15 Rules for Great Wine and Food Pairings
is perfect with anything salty
Most dry sparkling wines, such as brut Champagne and Spanish cava, actually have a faint touch of sweetness. That makes them extra-refreshing when served with salty foods.
goes with tart dressings and sauces
Tangy foods won’t overwhelm zippy wines like Sauvignon Blanc, Vinho Verde from Portugal and Verdejo from Spain.
when a dish has lots of fresh herbs
Austrian Grüner Veltliner’s citrus-and-clover scent is lovely when there are lots of fresh herbs in a dish. Other go-to grapes in a similar style include Albariño from Spain and Vermentino from Italy.
Pairs with light fish dishes
Light seafood dishes seem to take on more flavor when matched with equally delicate white wines, such as Pinot Grigio or Arneis from Italy or Chablis from France.
For fatty fish or fish in a rich sauce
Silky whites—for instance, Chardonnays from California, Chile or Australia—are delicious with fish like salmon or any kind of seafood in a lush sauce.
Sizzling Shrimp Scampi (photo)
Pairs with sweet & spicy dishes
The slight sweetness of many Rieslings, Gewürztraminers and Vouvrays helps tame the heat of spicy Asian and Indian dishes.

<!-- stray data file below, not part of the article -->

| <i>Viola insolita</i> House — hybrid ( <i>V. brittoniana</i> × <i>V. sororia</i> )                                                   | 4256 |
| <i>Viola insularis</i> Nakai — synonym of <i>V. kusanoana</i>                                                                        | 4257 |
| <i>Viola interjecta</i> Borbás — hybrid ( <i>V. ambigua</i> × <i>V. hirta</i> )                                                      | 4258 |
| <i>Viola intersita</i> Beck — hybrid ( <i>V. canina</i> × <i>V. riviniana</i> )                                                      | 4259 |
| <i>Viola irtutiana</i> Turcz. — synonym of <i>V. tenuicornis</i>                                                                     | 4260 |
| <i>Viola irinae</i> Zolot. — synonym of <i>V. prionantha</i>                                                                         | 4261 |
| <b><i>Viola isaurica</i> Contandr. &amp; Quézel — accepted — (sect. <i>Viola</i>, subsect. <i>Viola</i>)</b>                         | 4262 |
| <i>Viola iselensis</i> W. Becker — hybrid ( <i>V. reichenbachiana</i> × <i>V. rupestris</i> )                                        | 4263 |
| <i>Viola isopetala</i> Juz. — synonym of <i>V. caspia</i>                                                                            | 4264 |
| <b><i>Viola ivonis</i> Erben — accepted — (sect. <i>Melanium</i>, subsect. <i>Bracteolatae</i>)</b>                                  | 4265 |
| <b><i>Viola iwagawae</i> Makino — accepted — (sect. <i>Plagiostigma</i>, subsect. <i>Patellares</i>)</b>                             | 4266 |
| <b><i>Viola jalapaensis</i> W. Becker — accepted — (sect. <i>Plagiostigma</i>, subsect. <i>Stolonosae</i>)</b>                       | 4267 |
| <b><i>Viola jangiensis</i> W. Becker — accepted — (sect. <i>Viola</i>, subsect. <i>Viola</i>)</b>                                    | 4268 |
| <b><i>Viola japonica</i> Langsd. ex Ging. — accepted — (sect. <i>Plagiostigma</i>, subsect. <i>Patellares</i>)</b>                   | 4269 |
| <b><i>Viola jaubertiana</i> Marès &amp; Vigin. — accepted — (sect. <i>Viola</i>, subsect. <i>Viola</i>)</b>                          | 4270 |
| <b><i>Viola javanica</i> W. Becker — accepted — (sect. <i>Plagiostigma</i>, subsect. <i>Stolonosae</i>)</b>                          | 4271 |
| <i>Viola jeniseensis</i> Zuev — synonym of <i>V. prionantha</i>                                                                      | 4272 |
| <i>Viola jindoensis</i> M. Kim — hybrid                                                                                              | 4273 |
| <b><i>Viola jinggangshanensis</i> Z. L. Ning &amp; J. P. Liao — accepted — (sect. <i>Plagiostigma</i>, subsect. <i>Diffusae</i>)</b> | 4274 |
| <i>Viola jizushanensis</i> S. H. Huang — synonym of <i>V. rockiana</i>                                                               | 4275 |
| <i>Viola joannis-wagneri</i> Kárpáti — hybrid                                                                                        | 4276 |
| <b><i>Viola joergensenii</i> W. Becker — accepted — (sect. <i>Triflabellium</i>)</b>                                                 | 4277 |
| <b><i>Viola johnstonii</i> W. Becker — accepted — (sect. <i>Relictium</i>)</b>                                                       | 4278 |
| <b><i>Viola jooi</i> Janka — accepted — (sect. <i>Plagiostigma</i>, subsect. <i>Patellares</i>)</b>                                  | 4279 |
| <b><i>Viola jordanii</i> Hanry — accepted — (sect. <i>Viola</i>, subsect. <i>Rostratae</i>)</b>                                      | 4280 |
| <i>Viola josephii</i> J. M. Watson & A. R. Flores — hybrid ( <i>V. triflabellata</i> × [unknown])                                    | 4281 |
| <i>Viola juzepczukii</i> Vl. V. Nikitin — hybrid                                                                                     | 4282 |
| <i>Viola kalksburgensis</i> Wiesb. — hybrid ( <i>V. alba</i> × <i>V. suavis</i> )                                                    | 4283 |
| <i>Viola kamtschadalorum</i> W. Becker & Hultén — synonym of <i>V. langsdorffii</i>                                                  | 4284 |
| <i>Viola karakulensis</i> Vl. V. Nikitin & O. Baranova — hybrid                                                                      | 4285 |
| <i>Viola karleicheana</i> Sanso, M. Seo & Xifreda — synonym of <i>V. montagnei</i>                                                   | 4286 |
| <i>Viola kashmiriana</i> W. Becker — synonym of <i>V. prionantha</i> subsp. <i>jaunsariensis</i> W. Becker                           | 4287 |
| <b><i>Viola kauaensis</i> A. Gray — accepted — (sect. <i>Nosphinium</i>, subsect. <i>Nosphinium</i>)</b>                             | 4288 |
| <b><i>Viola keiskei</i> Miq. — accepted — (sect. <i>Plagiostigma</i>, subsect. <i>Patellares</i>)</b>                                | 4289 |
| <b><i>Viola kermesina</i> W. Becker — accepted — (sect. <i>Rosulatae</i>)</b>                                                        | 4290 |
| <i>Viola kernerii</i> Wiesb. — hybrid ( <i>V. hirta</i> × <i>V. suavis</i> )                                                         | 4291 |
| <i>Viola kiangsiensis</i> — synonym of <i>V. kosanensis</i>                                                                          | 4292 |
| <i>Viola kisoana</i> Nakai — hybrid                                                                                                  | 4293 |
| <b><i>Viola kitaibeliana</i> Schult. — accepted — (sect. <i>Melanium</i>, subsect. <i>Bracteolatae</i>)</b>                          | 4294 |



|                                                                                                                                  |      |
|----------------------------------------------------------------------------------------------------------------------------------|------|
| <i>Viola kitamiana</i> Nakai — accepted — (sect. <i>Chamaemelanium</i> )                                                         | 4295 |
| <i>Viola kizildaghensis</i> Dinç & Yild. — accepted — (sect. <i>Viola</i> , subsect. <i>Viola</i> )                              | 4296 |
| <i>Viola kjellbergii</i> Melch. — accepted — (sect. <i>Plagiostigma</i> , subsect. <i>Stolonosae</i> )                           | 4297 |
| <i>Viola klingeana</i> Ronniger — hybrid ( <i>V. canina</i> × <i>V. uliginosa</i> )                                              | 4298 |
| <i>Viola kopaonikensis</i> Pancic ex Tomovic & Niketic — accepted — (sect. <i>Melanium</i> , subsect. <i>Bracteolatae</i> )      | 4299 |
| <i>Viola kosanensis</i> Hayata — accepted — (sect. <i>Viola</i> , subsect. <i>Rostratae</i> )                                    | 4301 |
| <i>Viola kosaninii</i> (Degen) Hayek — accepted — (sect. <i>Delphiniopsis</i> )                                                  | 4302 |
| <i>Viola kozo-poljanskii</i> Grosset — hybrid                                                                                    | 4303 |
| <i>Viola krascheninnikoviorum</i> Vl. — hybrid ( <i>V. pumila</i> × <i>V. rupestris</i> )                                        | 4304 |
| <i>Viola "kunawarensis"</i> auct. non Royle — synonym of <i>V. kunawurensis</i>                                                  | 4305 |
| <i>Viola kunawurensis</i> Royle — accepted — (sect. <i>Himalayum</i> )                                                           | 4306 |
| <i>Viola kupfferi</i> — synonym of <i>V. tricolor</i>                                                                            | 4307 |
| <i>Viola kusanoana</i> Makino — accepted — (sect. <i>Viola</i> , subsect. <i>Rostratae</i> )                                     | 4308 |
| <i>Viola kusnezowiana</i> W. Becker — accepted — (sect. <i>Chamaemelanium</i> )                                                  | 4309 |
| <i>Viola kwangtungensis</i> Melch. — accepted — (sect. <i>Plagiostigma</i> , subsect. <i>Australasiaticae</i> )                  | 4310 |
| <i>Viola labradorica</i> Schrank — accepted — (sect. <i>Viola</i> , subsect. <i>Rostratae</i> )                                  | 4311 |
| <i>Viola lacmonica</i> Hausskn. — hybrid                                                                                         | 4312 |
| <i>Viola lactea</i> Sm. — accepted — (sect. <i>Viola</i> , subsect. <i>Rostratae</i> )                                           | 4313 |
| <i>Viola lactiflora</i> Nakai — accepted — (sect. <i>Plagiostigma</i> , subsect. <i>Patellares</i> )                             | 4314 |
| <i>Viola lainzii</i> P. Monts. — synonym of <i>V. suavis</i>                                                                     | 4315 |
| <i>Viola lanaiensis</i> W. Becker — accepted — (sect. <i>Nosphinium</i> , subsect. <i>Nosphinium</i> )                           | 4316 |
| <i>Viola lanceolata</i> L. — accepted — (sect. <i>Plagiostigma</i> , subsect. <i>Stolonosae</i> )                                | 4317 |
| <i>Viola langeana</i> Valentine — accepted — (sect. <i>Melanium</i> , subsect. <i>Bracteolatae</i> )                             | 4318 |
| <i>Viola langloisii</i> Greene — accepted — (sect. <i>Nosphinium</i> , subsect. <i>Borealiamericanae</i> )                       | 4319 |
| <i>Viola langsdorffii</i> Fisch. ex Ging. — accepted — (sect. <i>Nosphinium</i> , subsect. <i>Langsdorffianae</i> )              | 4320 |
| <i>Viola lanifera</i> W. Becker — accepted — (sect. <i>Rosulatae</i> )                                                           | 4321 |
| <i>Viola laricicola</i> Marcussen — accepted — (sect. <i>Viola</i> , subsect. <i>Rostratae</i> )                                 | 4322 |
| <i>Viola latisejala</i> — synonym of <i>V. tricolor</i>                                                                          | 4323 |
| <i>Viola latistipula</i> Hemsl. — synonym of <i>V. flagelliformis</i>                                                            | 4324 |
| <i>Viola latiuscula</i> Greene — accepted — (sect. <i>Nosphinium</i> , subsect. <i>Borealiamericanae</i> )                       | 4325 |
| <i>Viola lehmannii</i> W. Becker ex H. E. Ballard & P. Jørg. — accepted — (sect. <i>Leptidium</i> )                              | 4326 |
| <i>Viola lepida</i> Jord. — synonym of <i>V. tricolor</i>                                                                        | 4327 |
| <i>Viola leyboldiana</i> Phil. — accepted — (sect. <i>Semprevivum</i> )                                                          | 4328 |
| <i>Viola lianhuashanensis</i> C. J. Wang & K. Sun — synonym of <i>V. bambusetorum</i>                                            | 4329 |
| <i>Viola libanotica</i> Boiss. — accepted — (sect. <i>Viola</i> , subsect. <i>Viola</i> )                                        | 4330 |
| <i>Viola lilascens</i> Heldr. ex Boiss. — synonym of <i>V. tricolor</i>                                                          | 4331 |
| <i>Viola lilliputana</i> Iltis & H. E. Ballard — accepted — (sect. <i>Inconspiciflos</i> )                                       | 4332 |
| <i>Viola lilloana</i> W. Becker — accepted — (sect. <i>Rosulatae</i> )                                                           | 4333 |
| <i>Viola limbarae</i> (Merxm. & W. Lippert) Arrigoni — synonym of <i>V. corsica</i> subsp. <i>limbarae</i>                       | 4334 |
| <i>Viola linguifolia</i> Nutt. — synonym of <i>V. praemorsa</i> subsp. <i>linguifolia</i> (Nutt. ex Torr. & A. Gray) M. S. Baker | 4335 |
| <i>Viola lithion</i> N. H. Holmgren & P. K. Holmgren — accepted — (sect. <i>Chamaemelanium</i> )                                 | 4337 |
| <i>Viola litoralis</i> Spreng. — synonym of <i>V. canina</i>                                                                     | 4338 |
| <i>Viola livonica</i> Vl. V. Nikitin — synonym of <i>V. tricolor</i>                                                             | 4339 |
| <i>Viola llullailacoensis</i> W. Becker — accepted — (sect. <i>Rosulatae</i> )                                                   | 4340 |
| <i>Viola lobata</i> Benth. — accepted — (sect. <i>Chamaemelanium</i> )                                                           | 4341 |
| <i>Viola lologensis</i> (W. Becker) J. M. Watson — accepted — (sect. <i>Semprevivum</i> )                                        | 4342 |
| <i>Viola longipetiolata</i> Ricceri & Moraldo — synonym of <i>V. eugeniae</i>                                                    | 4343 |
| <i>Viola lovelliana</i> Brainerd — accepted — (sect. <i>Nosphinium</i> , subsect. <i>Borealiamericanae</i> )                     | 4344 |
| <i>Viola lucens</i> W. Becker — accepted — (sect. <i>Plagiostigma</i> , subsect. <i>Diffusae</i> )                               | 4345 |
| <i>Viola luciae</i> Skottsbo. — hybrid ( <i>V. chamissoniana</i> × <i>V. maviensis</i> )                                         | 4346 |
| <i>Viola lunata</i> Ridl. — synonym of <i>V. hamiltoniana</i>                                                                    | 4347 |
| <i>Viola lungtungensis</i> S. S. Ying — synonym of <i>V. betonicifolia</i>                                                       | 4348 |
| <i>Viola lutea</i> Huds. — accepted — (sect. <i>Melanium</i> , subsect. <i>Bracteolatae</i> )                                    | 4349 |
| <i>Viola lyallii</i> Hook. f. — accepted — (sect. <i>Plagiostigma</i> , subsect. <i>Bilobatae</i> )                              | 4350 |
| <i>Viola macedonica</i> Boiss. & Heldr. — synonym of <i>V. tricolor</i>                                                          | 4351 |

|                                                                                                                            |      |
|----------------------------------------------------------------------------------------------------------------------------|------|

loves fruit desserts
Moderately sweet sparkling wines such as Moscato d’Asti, demi-sec Champagne and Asti Spumante help emphasize the fruit in the dessert, rather than the sugar.
is great with dinner, not just hors d’oeuvres
Rosé sparkling wines, such as rosé Champagne, cava and sparkling wine from California, have the depth of flavor and richness to go with a wide range of main courses.
For rich, cheesy dishes
Some cheeses go better with white wine, some with red; yet almost all pair well with dry rosé, which has the acidity of white wine and the fruit character of red.
is great for dishes with earthy flavors
Recipes made with ingredients like mushrooms and truffles taste great with reds like Pinot Noir and Dolcetto, which are light-bodied but full of savory depth.
Leek-and-Pecorino Pizzas (photo)
Old World Wines
and Old World dishes are intrinsically good together
The flavors of foods and wines that have grown up together over the centuries—Tuscan recipes and Tuscan wines, for instance—are almost always a natural fit.
Pappardelle with Veal Ragù (photo)
won’t be overshadowed by sweet-spicy barbecue sauces
Malbec, Shiraz and Côtes-du-Rhône are big and bold enough to drink with foods brushed with heavily spiced barbecue sauces.
For pâtés, mousses and terrines
If you can use the same adjectives to describe a wine and a dish, the pairing will often work. For instance, the words rustic and rich describe Zinfandel, Italy’s Nero d’Avola and Spain’s Monastrell as well as chicken-liver mousse.
is fabulous with juicy red meat
California Cabernet, Bordeaux and Bordeaux-style blends are terrific with steaks or chops: Their firm tannins refresh the palate after each bite of meat.
Lamb Chops with Frizzled Herbs (photo)
Matches with highly spiced dishes
When a meat is heavily seasoned, look for a red wine with lots of spicy notes. Syrah from Washington, Cabernet Franc from France and Xinomavro from Greece are all good choices.